The first thing that came to mind when I read “A New Idea in Architecture? No New Buildings” by Thomas de Monchaux was that writers for periodicals, whether published on paper or the web, don’t usually choose their own headlines, so Mr. de Monchaux might not be responsible for the somewhat misleading title. He is not proposing never again constructing a new building, but rather examining whether the focus on new green technologies in design and construction has blinded the AEC community to the inherently green practice of reuse. It’s worth a read, both for his statement of the issues involved and for his examples.
The reason why “No New Buildings” is provocative and, arguably, silly, is that it’s an impossible goal. The population in a given location may grow, buildings may be damaged beyond repair, needs may change. There are any number of reasons why new buildings will always be needed. The question is whether we need as many as we build. It often seems as if demolition and reconstruction – wiping the slate clean – is the default and the idea of reusing an existing building is a distant second choice.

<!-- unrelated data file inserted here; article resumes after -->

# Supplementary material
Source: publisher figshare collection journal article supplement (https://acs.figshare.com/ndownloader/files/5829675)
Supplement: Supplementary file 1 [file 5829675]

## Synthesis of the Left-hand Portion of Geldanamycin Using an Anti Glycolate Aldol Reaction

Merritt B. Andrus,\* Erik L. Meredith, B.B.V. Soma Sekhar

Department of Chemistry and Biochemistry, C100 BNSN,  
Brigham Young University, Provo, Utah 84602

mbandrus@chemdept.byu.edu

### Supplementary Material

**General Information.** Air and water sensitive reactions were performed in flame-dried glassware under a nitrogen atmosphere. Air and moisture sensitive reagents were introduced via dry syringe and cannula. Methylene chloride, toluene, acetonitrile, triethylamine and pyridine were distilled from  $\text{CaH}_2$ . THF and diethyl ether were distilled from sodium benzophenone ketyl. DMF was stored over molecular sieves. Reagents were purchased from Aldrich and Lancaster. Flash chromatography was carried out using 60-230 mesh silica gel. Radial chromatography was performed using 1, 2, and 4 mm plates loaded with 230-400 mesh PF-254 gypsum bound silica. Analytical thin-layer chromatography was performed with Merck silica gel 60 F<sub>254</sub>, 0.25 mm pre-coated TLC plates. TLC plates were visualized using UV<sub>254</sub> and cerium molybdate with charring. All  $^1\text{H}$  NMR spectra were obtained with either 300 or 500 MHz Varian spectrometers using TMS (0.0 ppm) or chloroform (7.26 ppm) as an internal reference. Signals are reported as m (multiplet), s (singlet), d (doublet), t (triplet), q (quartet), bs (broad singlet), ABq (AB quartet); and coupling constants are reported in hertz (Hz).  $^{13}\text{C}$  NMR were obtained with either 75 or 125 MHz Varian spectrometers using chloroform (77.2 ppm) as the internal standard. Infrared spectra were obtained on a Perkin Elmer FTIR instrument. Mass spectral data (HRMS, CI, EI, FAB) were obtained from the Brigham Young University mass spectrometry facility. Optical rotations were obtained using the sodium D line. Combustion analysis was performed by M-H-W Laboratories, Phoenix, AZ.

Most of the buildings in SoHo, like the ones pictured above, are around 140 years old. In that time they’ve gone from intensely-worked factories and sweatshops, to nearly-unpeopled warehouses, to artists’ studios, to high-end residences and shops. What they haven’t been is useless. Someone always found a purpose for their interior space, even though frankly a lot of it is less than ideal: too far from the front and back windows, too high up steep wooden stairs. Just because existing buildings don’t look like the ones we’d build today doesn’t mean they’re wrong or bad. Almost any building can be reused if the will is there.